A Boeing 707 That Survived The ‘Black September’ Hijacking Spree Is Getting Scrapped
After years of abandonment on the edge of a now-closed airport, the historic 707 is being cut up.
At an abandoned airport in Berlin, a derelict Boeing 707 airliner tells a story of Cold War intrigue, international terrorism, and the changing fortunes of the German capital. But time is now up for the decaying jet, and the excavators have moved in to begin breaking up this historic aircraft.
At first glance, you might think the 707, sitting forlornly at the edge of a forest, in a remote corner near the perimeter of the former Berlin Tegel Airport, could be a wreck used for training firefighters, or some kind of museum exhibit, but it’s been inaccessible for several years. Although long since faded by the effects of weather and decay, the blue and yellow colors formerly used by the German airline Lufthansa still adorn the airliner's hulk.
Look closely, and you’ll see the German registration D-ABOC, too, as worn by one of Lufthansa’s first 707s, the airline’s first jetliner, which propelled it into post-war modernity beginning in the late 1950s. The registration is a fake, however, and this particular aircraft never flew for Lufthansa — or any other German airline, for that matter.
Its story began in May 1961, when it was rolled out at Boeing’s Renton, Washington, factory with the manufacturer’s serial number 18071. The airliner, a 707-458 powered by four Rolls-Royce Conway turbojets, had been ordered a year earlier by Israel’s national airline El Al. It made its first flight in June 1961 and entered service with the Israeli flag carrier later that month with the registration 4X-ATB.
The airliner’s fortunes changed forever in September 1970, when it suddenly became a center of worldwide attention, in a series of events that would become known as ‘Black September,’ a name that would later be revived by a terrorist group. It also came amid a veritable pandemic of airline hijackings that year.
Three years earlier, the Popular Front for the Liberation of Palestine (PFLP), a part of the Palestine Liberation Organization (PLO), an umbrella group of militants then fighting to abolish the state of Israel and restore the nation of Palestine, had begun its campaign of hijacking airliners. Its first victim being a different El Al 707 that was diverted to Algiers in July 1968. The last hostages on board that flight were released after 39 days and the incident helped make the revolutionary organization a household name.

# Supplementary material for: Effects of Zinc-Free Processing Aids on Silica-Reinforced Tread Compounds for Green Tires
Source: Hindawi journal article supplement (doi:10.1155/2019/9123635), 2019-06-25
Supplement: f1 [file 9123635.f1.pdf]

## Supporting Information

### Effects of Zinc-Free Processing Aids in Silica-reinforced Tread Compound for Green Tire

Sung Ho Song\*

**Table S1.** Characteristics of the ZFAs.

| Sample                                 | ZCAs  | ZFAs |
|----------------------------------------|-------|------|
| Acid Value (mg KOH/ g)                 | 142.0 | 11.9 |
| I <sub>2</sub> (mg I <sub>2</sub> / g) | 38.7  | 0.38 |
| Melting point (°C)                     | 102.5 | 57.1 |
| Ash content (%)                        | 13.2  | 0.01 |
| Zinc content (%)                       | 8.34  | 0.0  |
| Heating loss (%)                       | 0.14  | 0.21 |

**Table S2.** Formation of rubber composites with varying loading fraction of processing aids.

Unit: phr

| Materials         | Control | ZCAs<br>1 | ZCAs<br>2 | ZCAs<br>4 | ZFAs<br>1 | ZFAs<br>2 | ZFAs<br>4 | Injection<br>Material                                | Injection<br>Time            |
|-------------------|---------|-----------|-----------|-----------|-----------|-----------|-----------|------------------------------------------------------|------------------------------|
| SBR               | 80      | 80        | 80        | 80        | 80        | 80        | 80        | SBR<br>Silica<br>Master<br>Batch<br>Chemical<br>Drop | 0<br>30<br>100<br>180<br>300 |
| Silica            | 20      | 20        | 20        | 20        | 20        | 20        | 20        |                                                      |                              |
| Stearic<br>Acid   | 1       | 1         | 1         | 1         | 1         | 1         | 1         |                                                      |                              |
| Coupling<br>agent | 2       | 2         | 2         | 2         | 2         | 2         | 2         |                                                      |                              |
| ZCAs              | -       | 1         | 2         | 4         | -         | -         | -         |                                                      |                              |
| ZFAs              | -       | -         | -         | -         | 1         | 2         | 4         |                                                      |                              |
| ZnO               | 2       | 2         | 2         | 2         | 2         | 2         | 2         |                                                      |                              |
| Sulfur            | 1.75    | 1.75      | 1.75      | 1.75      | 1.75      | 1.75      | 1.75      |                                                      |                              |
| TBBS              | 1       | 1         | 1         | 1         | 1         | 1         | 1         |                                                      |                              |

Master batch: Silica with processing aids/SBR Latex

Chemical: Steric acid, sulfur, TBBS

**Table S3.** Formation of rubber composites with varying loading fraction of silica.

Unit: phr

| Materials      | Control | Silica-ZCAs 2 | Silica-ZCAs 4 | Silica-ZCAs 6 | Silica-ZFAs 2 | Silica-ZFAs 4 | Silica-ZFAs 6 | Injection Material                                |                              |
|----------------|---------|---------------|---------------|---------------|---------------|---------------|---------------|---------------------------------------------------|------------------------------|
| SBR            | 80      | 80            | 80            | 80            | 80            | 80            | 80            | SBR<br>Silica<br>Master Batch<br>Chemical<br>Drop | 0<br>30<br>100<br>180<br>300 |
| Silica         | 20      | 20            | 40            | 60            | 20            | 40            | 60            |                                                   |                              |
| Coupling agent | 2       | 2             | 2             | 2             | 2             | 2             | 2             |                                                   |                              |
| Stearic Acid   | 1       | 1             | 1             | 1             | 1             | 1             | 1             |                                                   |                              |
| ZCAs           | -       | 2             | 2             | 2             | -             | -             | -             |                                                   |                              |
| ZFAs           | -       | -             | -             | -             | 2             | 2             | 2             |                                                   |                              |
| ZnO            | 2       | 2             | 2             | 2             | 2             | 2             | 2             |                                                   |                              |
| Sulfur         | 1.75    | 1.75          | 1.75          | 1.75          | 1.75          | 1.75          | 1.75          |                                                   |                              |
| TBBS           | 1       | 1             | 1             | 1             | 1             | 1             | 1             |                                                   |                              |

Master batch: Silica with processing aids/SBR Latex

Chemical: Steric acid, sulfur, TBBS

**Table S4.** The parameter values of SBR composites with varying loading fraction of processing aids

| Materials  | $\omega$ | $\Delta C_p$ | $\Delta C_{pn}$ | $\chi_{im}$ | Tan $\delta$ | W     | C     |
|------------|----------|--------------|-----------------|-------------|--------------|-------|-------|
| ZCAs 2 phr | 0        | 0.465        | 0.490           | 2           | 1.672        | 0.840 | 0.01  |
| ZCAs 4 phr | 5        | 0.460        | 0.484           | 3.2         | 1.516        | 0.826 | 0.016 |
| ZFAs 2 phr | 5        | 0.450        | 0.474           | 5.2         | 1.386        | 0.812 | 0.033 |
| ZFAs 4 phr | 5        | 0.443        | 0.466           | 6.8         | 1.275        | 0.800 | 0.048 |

So began an airliner hijacking spree to bring their cause to a wider audience. This PFLP strategy reached its climax on September 6, 1970, when three aircraft from different airlines were hijacked almost simultaneously before a fourth was added to this ignominious collection days later.
Of the first three, 4X-ATB had been en route between New York City in the United States and Tel Aviv, Israel, as El Al Flight 219, with 148 passengers and 10 crew aboard, when two terrorists, the Palestinian Leila Khaled and Nicaraguan Patrick Argüello initiated the hijacking. Khaled had already successfully commandeered another airliner, a TWA 707, in August 1969, taking it to Syria, where she was later released without charges. Since then, she had received cosmetic surgery to disguise her now-notorious identity.
The El Al 707 had just departed Amsterdam, where it had made a brief stop, allowing the hijackers to board. “At Amsterdam airport, my comrade Patrick and I were stopped by Israeli officers,” she later recalled. “They searched our bags very thoroughly, but they didn’t find anything in there, because the grenades were in my pockets. We had passports from Honduras.”
Drinks were being served when Khaled pulled out her two hand grenades and headed toward the cockpit, together with Argüello. The airliner was approaching the British coast and, as the pair began banging on the door to the cockpit, flight attendant alerted the flight crew to the situation.
“Sit down, we are not going to be hijacked!” the pilot, Uri Bar-Lev, shouted to his co-pilot. Improvising a way out of the situation, Bar-Lev forced the airliner into a steep dive, resulting in brief zero-G conditions. Passengers vomited, while luggage, drinks, and personal effects were thrown around the cabin.
Amid the chaos, the hijackers were thrown off their feet. Khaled was overpowered and pinned to the cabin floor. Argüello, also armed with a gun, lobbed his single grenade down the aisle, but it failed to detonate. He was hit over the head by a passenger with a whiskey bottle and then fatally shot by an Israeli sky marshal. Khaled, who had threatened to remove the pins from her two grenades with her teeth, was also hit over the head and knocked unconscious. One of the aircraft stewards had also been badly injured by a shot fired by Argüello. Nevertheless, this part of the hijacking plan, at least, had ended in failure, and the 707 touched down at London’s Heathrow Airport soon after, where Khaled was detained.